State of Pa. v. Curtiss Nat. Bank of Miami Springs, Fla., 28543.

Citation427 F.2d 395
Decision Date08 July 1970
Docket NumberNo. 28543.,28543.
PartiesSTATE OF PENNSYLVANIA, by and through Paul Silverstein, as Special Deputy Insurance Commissioner, Plaintiff-Appellee, v. CURTISS NATIONAL BANK OF MIAMI SPRINGS, FLORIDA, Defendant-Third Party Plaintiff-Appellant-Cross-Appellee, v. NATIONAL WESTERN LIFE INSURANCE COMPANY et al., Third Party Defendants-Appellees-Cross-Appellants.
CourtUnited States Courts of Appeals. United States Court of Appeals (5th Circuit)

Lewis Horwitz, Broad & Cassel, Miami Beach, Fla., Herbert L. Nadeau, Mimi, Fla., for appellant.

Reasbeck, Fegers & Reasbeck, R. Regis Reasbeck, Hollywood, Fla., for State of Pennsylvania.

Shutts & Bowen, Miami, Fla., for National Western Life Ins. Co.

Harvey E. Ford, Hollywood, Fla., for Bruce Cooper.

Before GODBOLD, DYER and MORGAN, Circuit Judges.

LEWIS R. MORGAN, Circuit Judge:


The first part of this appeal deals with an action to recover on a cashier's check issued to a Bruce Cooper as escrow agent for Bankers Allied Mutual Insurance Company (hereafter Bankers Allied) a Pennsylvania corporation, by the Curtiss National Bank of Miami Springs, Florida (hereafter the Bank) brought by the Insurance Department of the State of Pennsylvania as the Statutory Liquidator of Bankers Allied, which has been dissolved under the laws of that state. The Bank advanced the affirmative defenses of failure of consideration; non-performance of conditions precedent allegedly contained in an escrow agreement under which the payee Cooper was to deliver the cashier's check; and that the payee Cooper received the check for a special purpose and was to deliver it for a special purpose, and the special purpose was not accomplished. The District Court found that the provisions alleged to restrict and condition the delivery of the check were not contained in the escrow agreement actually signed by Cooper and that "there was no lack of consideration and that said Cashier's Check was and is a valid instrument past due and unpaid," and entered a judgment against the Bank for $150,000.00, the amount of the cashier's check, plus interest of six per cent per annum from February 27, 1967, the date the Bank refused to pay the check. On appeal, the Bank abandons its conditional delivery defense, but contends that the District Court erred in granting judgment in favor of Pennsylvania on the ground that there was a failure of consideration for the check. We affirm.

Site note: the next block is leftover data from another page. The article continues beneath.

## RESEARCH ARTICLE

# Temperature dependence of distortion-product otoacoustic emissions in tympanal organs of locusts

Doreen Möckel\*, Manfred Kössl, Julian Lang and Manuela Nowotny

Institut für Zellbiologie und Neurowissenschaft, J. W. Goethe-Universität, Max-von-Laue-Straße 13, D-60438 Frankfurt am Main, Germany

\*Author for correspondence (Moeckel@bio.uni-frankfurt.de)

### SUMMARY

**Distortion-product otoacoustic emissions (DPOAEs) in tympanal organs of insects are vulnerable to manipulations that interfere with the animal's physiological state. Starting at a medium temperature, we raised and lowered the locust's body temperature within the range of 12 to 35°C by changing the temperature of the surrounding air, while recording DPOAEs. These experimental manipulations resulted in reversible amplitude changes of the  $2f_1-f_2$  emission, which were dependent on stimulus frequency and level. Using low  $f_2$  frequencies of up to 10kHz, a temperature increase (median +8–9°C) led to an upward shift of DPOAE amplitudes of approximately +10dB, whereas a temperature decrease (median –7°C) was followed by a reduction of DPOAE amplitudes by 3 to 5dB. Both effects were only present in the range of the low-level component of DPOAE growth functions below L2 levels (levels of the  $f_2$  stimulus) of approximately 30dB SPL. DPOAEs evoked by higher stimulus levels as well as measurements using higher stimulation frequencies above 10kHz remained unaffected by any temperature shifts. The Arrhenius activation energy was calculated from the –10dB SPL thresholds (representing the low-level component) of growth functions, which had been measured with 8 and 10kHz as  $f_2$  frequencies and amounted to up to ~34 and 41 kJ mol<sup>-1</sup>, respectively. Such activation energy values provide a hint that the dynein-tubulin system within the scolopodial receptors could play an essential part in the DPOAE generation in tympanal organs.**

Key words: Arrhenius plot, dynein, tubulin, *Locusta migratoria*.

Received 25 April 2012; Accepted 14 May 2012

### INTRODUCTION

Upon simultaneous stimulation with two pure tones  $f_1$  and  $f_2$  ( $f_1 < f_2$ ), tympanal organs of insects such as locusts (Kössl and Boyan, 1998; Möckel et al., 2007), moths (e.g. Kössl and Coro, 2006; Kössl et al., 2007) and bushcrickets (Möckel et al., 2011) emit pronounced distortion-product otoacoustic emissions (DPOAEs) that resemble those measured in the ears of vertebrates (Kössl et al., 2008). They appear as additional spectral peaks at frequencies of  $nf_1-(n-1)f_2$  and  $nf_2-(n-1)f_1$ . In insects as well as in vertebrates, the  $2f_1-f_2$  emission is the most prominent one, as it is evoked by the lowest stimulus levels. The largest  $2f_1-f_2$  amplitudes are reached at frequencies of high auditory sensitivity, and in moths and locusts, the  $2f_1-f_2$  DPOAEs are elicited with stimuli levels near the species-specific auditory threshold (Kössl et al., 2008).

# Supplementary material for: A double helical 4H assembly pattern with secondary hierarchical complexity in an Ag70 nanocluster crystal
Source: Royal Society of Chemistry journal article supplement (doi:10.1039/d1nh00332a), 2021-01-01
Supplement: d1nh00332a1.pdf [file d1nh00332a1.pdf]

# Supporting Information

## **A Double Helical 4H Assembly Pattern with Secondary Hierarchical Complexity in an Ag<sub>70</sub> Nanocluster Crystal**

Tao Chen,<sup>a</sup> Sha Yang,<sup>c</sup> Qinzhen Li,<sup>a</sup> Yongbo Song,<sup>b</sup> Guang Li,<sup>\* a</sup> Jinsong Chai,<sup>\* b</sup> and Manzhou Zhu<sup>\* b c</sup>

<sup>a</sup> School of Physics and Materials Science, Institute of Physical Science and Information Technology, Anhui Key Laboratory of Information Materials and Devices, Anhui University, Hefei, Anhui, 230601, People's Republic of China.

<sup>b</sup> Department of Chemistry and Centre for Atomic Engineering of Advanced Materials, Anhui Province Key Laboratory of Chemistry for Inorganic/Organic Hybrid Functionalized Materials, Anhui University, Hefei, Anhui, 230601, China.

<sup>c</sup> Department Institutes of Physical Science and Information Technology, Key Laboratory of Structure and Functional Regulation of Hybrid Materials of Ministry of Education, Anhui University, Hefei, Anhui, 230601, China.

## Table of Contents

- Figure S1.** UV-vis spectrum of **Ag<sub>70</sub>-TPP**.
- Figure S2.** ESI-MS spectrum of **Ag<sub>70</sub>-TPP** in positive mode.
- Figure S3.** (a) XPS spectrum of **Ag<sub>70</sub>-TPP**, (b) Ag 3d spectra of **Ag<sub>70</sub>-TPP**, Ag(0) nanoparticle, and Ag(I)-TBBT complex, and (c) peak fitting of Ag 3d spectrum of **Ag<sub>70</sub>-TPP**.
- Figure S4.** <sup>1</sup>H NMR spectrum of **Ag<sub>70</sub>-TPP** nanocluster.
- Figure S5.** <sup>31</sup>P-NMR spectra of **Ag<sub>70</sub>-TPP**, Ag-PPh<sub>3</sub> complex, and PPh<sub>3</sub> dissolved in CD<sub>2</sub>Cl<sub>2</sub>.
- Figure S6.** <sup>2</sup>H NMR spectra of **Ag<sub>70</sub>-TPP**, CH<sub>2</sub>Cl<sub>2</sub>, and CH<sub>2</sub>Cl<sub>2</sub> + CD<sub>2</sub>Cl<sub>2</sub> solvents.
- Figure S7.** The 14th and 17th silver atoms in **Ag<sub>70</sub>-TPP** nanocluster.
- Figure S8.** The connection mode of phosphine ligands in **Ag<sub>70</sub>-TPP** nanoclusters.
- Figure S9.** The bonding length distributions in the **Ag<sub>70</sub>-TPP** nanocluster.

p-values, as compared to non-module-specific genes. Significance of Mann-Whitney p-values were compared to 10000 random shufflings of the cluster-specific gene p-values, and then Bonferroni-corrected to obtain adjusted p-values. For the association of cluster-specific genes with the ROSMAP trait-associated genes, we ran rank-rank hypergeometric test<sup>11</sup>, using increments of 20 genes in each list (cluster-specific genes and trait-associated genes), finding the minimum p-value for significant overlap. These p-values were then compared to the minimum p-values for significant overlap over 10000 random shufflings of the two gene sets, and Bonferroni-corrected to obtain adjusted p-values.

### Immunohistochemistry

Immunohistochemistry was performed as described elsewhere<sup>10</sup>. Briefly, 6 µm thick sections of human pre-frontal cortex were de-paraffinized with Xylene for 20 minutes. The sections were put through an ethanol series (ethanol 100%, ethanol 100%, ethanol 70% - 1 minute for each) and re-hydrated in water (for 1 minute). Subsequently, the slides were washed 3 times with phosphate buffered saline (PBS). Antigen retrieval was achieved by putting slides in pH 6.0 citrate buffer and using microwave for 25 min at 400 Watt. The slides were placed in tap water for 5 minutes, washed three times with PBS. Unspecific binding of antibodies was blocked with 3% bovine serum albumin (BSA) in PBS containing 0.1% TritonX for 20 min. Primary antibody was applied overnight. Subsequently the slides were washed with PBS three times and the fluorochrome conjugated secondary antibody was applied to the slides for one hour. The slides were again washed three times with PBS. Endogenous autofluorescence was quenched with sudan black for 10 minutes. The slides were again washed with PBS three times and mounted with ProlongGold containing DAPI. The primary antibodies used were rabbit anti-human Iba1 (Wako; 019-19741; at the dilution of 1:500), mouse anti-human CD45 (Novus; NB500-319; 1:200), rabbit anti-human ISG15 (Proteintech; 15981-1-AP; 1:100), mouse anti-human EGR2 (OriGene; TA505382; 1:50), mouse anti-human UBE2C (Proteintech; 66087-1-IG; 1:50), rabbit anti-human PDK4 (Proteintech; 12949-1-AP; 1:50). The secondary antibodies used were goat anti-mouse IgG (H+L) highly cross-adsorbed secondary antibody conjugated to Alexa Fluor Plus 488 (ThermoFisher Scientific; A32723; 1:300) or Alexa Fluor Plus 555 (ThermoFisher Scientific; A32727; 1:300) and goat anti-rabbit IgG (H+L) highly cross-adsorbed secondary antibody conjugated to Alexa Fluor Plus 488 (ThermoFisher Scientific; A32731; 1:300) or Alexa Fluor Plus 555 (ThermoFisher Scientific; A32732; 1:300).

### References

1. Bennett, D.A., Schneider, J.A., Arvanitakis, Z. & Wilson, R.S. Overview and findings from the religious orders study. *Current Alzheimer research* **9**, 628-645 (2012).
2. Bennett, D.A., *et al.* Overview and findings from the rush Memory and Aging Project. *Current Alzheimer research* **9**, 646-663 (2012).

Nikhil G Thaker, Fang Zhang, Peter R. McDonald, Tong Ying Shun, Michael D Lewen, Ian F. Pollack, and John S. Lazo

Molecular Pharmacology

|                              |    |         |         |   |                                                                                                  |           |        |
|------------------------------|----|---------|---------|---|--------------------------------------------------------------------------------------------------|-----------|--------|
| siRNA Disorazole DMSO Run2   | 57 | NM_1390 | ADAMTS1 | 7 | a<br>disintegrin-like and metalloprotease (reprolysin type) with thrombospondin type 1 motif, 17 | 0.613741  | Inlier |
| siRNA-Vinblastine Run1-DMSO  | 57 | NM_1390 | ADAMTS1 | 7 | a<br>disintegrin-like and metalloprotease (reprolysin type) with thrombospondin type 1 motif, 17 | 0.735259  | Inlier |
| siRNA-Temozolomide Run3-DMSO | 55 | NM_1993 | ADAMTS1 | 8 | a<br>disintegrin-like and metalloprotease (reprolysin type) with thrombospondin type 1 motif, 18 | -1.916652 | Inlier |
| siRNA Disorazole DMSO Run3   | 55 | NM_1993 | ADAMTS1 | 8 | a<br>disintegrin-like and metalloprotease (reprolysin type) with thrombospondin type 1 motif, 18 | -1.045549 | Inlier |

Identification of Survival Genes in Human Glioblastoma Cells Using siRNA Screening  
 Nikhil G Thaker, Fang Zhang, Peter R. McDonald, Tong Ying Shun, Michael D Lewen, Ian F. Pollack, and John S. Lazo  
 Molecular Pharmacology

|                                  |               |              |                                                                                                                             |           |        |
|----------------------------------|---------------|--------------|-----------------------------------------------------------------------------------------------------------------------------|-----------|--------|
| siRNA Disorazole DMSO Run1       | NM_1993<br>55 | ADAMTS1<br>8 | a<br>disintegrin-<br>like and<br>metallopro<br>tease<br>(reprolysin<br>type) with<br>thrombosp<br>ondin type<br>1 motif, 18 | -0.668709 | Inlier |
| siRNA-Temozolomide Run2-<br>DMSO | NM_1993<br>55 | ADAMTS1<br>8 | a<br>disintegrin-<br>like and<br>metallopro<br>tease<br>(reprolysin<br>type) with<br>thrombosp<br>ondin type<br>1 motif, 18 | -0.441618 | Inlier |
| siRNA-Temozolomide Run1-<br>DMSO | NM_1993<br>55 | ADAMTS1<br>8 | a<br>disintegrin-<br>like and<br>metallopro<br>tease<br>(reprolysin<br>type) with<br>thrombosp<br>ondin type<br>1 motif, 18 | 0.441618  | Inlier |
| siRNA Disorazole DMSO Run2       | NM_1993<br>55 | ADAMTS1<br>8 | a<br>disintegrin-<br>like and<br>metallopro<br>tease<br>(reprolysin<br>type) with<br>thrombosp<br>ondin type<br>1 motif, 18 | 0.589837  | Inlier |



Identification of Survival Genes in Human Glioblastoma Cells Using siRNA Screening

An understanding of the underlying financial transactions out of which the issuance of the cashier's check resulted is necessary to place the legal controversy here presented in perspective. Sometime prior to January 10, 1967, a syndicate made up of Fred Investments, Inc., Morris Liebman, The Roberts Company, Inc., and Worthington Sales, Inc. (hereafter, the Borrowers) entered into negotiations with Bankers Allied concerning the purchase of the controlling interest it owned in Bankers & Telephone Employees Insurance Company (hereafter Bankers & Telephone) and the eventual rehabilitation of that company. Both Bankers Allied and Bankers & Telephone suffered from a serious impairment of their capital. Bankers & Telephone had ceased writing insurance on October 25, 1966, upon request of the Pennsylvania Insurance Department, while Bankers Allied had been suspended from operation by the Insurance Department on December 29, 1966. As a result of this state of affairs, it was necessary for the Borrowers to obtain the consent of the Insurance Department for the transfer of Bankers & Telephone stock and comply with whatever preconditions the Insurance Department established before Bankers & Telephone could resume normal business operations. The preconditions established by the Insurance Department were basically that the Borrowers: (1) pay $150,00 in cash to Bankers Allied to purchase its Bankers & Telephone stock; (2) make a $1,000,000 contribution to the capital funds of Bankers & Telephone, consisting of $50,000 cash and $950,000 worth of IBM stock; and (3) replace in Bankers & Telephone's investment portfolio $1,400,000 in cash or securities acceptable to the Insurance Department. Pursuant to these conditions 2600 shares of IBM common stock were deposited in a safe deposit box at the Harrisburg National Bank and Trust Company, Harrisburg, Pennsylvania.

On February 1, 1967, the Borrowers issued a collateral note in the amount of $400,000 to the Bank, and on February 3rd the loan was closed. Under the terms of the collateral note and a collateral pledge agreement entered into on the same day, the Borrowers undertook to repay the $400,000 loan in twenty quarterly installments with interest at 8 per cent per annum and represented that the IBM stock would be placed in the assets of Bankers & Telephone and not be sold, transferred or encumbered in any way, and that Bankers & Telephone would maintain its capital structure in such a way to protect the Bank. The loan was secured by a pledge of 501,000 shares of Bankers & Telephone stock, a first ship mortgage, an assignment of proceeds from an override commission agreement, a security interest in certain equipment and a fidelity bond issued by Bankers & Telephone.